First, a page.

Families left high and dry as B.C. cities struggle to meet demand for swimming lessons
Instructor shortage, pool closures cause backlog of kids who want to learn basic water survival skills
Of all the shortages brought on by the ripple effects of COVID-19, swimming lessons probably don't top anyone's list as the most critical.
But for B.C. parents wanting their child to learn basic water survival skills, the struggle is real. Throughout the province, getting into swimming lessons at the local community pool feels a lot like winning the lottery.
The waiting list in Prince George for swimming lessons has topped 700. In Kelowna, scoring a coveted Saturday morning swim lesson spot makes you the envy of the neighbourhood while in Kamloops, spring classes filled up quickly and unlucky families were told to wait.
Meanwhile in Vancouver, parent groups exchange strategies on how best to game the online registration system with one mom comparing getting her child with autism into lessons to "finding a unicorn in the wild."
Across B.C. the story is the same: the nine-month pool closures in 2020 and subsequent lesson reductions due to COVID-19 restrictions have created plenty of pent up demand at the pool.
"Everyone is looking to get into swimming lessons at the same time and that's definitely creating a backlog and shortage," said B.C. Lifesaving Society executive director Dale Miller.
"We understand the need and the importance parents see in getting their kids in swim lessons and we fully agree — it's part of safety around the water, learning to swim."
Lifeguard, swim instructor shortage
Aquatic programmers also trace the problem to a worker shortage in the field. Pandemic pool shutdowns not only brought swimming lessons to a standstill, it halted training courses for those who aspire to teach them.
In Kamloops, even if the city could offer more lessons, hiring instructors is almost impossible.
"There are staff shortages in the lifeguard industry," said Andrew Smeaton, Kamloops aquatics program supervisor. "In the past, we might have said, 'Hey, we'll just pull in extra lifeguards.' But now we're at a point where we don't have those extra lifeguards."
In response, Kamloops has lowered the age limit for swim instructors from 17 to 16 and dropped a couple of courses that used to be mandatory for staff.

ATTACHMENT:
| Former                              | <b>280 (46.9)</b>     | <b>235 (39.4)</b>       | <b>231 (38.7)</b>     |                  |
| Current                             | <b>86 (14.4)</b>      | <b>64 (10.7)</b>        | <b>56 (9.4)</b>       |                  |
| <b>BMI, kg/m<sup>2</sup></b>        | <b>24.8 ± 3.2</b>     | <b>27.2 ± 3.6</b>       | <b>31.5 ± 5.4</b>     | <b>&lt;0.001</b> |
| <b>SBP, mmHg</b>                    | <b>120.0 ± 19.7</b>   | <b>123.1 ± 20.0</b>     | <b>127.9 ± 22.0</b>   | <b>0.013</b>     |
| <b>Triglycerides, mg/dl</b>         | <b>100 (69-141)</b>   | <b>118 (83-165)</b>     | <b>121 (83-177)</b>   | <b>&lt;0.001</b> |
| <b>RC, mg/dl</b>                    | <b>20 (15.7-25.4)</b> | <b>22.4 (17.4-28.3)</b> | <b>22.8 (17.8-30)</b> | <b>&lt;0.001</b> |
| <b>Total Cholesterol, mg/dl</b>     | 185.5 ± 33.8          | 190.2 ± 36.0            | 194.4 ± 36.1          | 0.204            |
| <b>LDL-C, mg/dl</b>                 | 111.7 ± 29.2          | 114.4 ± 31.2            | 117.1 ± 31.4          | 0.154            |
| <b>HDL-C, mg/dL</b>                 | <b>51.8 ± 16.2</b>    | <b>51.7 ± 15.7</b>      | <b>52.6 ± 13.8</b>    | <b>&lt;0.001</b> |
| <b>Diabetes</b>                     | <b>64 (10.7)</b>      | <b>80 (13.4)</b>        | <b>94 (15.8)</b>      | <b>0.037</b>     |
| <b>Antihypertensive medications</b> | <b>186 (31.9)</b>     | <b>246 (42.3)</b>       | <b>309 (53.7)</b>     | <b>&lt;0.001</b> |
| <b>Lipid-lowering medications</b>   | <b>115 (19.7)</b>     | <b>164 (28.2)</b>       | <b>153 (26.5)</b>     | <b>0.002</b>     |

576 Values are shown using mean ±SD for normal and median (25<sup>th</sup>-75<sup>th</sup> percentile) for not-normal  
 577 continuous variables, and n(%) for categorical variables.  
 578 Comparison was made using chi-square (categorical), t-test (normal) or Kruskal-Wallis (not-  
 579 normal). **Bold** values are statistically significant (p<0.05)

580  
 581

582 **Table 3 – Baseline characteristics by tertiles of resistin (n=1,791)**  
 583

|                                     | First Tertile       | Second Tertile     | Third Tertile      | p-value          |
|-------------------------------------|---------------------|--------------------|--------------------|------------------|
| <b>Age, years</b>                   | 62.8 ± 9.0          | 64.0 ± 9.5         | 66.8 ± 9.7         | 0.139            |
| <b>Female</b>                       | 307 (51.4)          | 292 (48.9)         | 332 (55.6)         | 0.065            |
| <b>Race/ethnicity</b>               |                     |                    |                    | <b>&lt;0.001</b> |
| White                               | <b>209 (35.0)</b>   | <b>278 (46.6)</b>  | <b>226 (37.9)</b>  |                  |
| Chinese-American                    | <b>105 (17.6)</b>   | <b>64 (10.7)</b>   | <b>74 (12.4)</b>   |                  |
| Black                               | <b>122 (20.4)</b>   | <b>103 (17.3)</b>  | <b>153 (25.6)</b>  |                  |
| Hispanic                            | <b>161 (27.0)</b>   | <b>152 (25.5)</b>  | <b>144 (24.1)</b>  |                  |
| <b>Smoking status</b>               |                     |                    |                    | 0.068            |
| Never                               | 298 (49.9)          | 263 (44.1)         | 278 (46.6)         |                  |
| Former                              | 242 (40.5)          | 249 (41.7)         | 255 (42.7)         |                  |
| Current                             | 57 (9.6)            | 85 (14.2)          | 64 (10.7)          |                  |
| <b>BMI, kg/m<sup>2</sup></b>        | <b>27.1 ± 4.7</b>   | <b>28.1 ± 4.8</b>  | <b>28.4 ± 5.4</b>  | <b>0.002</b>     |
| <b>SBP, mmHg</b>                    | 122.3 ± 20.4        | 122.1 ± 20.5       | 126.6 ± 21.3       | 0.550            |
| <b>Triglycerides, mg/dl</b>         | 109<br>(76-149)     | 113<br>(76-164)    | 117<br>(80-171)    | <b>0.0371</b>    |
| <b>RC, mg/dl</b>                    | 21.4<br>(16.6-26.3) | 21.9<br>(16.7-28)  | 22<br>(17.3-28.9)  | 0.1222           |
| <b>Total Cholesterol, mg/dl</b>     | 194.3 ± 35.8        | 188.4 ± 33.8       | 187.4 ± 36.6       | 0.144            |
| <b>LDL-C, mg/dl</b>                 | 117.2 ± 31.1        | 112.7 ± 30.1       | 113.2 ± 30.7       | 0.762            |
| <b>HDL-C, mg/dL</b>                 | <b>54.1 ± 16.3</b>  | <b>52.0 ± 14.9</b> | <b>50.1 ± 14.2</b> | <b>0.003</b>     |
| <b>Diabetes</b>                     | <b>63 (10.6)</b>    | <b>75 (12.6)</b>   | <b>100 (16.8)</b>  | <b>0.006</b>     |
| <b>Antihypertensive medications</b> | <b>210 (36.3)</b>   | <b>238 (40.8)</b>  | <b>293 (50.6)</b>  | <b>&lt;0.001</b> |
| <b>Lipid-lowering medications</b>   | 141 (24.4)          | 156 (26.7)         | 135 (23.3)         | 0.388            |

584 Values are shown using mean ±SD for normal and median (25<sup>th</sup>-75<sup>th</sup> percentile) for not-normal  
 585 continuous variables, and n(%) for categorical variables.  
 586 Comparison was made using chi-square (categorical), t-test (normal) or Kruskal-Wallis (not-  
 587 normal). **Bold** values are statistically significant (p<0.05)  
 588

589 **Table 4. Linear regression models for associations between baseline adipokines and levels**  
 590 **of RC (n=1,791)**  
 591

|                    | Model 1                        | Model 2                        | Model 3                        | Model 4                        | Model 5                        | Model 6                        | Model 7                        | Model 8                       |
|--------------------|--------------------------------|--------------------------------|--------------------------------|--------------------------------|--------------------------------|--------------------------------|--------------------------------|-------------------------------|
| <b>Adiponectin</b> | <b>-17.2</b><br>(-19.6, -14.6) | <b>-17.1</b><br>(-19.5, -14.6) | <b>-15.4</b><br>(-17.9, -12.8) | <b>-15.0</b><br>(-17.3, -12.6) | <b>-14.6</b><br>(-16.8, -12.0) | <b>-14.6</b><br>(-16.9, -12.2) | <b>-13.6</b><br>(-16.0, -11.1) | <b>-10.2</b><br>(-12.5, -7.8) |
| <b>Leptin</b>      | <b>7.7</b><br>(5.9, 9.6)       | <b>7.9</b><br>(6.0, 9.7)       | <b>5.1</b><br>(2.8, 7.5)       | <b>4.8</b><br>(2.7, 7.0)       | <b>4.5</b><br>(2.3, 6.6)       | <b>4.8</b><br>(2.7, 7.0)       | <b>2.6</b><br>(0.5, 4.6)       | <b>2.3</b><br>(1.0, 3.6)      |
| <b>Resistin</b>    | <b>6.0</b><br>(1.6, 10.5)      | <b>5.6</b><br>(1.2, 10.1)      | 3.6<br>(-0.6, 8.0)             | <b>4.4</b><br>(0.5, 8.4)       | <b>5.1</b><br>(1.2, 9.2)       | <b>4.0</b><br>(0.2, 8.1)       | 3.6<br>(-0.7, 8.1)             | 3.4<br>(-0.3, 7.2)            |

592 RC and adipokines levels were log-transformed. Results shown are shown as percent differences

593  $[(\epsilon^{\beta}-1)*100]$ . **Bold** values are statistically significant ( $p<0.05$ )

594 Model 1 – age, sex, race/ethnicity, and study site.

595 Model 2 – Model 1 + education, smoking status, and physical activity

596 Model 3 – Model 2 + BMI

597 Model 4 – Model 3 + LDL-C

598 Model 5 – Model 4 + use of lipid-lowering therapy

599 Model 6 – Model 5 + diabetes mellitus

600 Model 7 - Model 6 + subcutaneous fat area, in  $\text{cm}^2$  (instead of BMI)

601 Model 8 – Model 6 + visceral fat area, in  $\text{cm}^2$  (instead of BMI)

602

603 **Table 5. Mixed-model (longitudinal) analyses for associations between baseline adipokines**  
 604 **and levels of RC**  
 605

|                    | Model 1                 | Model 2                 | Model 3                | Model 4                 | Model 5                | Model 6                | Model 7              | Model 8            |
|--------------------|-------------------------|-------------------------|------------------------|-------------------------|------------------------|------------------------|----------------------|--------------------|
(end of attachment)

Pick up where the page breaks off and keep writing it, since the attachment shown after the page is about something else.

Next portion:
Eligible candidates now need five certifications: Bronze Medallion, Bronze Cross, National Lifeguard, Standard First Aid and Water Safety Instructor. At a combined cost of around $1,400, getting qualified to teach swimming isn't cheap, easy or quick.
"We're doing everything we can to train more lifeguards... and to get more people into the lifeguarding industry to hopefully help refill our ranks and be able to offer more programs again," said Smeaton.
In Kelowna, the lifeguard-instructor shortage was made worse when the University of British Columbia Okanagan moved to online learning, sending a number of out-of-town students who also teach at the city pool back to their hometowns.
Kelowna aquatics and fitness coordinator Tyler Stringer said the city used to post lifeguard-instructor jobs once every 18 months to two years, but now have to do it three or four times a year.
"The [job] we currently have up right now, we only received two applications initially and it stayed open for four weeks," said Stringer. "Back before COVID, we would get anywhere from 16 to 24 applications."
Population boom, old pools
In Prince George, where a population boom is also driving demand, the swimming lesson bottleneck was made worse when city council elected not to reopen the aging Four Seasons Leisure Pool, one of the two city pools shutdown in the 2020 COVID-19 closures.
A new downtown pool under construction is slated for completion later this year. City spokesman Mike Kellet said the hope is the yet unnamed facility will go a long way to reversing the ever-growing swimming lesson waiting list.
"The Four Seasons was really the workhorse and was very much an instructional institution," said Kellet. "It's being replaced and upgraded, with respect to the new pool."
The problem with aging pools was brought into sharp focus last week when a section of the 48-year-old Vancouver Aquatic Centre's exterior wall came crashing to the ground near the front doors.
Luckily, no one was injured, but Miller says it's another sign cities need to prioritize aquatics in their planning.
"When communities go to their citizens and ask what recreation facilities they'd like to see, a pool is typically at the top of the list," he said.
"And we look at the recent problems at the Vancouver Aquatic Centre, an aging facility, we know there is definitely a need for an upgrade, or many new pools to provide the important recreation that the public wants."
With files from The Early Edition